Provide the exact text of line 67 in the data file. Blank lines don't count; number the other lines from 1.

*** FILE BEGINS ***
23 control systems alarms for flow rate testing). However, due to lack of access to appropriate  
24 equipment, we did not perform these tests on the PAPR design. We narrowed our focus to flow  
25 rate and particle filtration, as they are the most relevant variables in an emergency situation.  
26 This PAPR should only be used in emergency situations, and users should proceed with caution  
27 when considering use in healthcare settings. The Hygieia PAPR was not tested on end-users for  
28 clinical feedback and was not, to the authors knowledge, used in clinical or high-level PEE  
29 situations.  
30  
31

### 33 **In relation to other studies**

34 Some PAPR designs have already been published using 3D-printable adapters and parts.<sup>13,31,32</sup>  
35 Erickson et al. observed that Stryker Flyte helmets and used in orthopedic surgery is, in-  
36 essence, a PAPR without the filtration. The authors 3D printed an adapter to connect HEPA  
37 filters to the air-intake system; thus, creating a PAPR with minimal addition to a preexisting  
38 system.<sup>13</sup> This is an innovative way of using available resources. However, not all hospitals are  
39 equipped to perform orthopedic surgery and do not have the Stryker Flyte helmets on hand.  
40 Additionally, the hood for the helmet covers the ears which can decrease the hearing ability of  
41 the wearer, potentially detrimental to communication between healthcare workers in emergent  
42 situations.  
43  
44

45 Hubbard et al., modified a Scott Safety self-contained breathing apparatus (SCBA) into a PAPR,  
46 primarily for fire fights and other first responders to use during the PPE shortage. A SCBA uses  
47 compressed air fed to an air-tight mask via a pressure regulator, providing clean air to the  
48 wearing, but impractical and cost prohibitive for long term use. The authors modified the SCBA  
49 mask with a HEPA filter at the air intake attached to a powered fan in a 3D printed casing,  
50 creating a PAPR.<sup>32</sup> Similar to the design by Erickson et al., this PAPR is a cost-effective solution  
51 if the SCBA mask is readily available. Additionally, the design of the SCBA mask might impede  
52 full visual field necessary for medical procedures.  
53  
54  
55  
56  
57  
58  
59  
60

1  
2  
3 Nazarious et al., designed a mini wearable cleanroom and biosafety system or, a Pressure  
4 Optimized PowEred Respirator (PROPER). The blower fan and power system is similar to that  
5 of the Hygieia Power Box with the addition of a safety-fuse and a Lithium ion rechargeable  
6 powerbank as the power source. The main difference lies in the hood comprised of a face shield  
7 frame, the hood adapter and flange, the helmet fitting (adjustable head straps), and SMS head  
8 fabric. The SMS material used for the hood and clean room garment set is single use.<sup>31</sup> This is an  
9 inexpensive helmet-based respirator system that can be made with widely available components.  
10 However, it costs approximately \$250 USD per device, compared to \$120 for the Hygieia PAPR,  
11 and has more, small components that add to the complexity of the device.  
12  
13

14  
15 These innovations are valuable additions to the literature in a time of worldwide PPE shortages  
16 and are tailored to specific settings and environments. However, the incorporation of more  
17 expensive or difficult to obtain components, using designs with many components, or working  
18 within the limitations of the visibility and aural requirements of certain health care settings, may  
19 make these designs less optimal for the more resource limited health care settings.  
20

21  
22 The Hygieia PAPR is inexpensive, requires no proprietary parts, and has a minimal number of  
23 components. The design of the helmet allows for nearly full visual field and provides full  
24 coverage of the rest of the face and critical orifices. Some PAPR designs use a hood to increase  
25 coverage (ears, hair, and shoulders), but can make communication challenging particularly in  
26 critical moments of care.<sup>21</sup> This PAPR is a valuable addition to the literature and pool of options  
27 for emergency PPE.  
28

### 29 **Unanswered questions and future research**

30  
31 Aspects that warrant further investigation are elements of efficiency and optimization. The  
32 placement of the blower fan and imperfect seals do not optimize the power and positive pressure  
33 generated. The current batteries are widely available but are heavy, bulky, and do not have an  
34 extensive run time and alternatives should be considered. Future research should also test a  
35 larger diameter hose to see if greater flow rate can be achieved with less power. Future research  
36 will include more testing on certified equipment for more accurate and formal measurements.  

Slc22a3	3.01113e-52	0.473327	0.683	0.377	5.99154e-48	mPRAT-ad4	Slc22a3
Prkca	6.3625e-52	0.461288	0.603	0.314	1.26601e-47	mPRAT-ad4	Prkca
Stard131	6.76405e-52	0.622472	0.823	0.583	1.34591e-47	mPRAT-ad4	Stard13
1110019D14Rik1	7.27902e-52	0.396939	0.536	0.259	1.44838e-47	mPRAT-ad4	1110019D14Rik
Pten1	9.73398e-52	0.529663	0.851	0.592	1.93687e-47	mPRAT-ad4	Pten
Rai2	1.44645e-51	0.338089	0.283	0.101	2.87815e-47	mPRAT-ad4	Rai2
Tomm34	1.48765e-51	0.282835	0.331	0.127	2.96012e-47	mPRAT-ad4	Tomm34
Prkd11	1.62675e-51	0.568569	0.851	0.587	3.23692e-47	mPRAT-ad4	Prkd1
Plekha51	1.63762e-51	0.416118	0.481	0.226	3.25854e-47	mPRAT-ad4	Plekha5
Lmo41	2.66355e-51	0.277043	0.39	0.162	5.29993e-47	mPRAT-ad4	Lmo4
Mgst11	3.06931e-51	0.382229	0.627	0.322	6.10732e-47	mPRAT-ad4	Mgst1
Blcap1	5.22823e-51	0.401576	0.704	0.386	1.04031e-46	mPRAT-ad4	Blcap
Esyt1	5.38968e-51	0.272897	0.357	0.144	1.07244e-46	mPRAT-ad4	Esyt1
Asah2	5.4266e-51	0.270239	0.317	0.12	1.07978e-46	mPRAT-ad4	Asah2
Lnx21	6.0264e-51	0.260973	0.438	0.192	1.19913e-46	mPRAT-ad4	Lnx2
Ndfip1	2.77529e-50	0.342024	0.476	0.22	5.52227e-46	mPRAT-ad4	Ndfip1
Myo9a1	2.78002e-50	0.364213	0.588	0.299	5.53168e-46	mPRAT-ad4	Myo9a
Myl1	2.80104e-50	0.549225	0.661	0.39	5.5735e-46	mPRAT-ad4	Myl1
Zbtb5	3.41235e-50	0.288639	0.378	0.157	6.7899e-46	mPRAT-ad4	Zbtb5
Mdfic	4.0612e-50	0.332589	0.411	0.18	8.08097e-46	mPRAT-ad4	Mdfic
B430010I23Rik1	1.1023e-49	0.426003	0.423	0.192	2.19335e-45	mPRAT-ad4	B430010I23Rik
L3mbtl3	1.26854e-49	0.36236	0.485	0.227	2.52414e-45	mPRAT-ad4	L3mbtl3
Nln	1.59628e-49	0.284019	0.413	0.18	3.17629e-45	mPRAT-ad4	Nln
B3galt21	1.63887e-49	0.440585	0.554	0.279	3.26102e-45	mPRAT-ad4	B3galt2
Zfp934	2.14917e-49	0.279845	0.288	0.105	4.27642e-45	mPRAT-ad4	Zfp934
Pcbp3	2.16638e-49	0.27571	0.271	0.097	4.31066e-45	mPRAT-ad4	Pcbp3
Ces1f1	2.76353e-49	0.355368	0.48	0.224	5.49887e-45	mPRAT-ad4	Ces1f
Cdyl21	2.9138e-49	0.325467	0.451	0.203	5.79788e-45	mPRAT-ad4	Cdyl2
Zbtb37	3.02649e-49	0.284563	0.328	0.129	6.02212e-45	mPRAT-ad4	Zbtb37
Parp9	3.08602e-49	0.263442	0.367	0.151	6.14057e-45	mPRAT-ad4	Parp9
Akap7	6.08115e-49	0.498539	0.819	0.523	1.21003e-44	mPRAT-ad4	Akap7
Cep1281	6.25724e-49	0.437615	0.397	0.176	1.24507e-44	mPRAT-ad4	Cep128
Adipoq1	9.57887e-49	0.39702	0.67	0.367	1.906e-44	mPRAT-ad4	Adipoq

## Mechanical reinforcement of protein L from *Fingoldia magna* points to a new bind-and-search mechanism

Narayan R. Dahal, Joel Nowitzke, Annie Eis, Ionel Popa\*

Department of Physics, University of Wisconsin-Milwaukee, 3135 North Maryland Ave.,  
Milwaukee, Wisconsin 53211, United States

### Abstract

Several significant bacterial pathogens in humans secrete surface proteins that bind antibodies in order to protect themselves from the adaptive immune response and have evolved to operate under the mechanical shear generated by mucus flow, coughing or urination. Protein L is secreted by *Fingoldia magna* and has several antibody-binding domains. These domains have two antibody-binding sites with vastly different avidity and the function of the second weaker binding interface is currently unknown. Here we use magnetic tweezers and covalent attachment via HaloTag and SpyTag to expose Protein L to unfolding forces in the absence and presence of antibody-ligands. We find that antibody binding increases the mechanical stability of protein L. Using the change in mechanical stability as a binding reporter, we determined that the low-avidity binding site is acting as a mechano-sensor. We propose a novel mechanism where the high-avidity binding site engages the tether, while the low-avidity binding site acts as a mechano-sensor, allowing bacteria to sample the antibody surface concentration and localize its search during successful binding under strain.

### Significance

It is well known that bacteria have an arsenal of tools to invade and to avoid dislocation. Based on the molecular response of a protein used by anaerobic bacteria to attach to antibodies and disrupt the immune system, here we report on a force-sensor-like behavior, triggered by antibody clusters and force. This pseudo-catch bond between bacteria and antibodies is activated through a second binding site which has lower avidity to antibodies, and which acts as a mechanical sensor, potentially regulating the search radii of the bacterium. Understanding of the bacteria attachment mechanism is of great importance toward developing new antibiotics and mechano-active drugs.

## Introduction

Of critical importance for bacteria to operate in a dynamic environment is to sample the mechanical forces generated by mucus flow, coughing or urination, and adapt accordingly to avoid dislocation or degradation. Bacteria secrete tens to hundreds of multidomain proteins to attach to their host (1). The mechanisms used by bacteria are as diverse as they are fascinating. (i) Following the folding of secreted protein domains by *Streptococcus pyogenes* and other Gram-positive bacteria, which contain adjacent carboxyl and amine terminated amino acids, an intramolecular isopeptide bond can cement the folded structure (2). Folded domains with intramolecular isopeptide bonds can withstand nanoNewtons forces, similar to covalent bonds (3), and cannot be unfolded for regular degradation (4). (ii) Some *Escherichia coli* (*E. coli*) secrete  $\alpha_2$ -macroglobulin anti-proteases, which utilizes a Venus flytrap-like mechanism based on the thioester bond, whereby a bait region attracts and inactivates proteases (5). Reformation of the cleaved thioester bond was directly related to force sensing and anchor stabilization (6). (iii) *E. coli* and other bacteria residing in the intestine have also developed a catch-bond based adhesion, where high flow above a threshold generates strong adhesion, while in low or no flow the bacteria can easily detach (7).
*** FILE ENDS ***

30  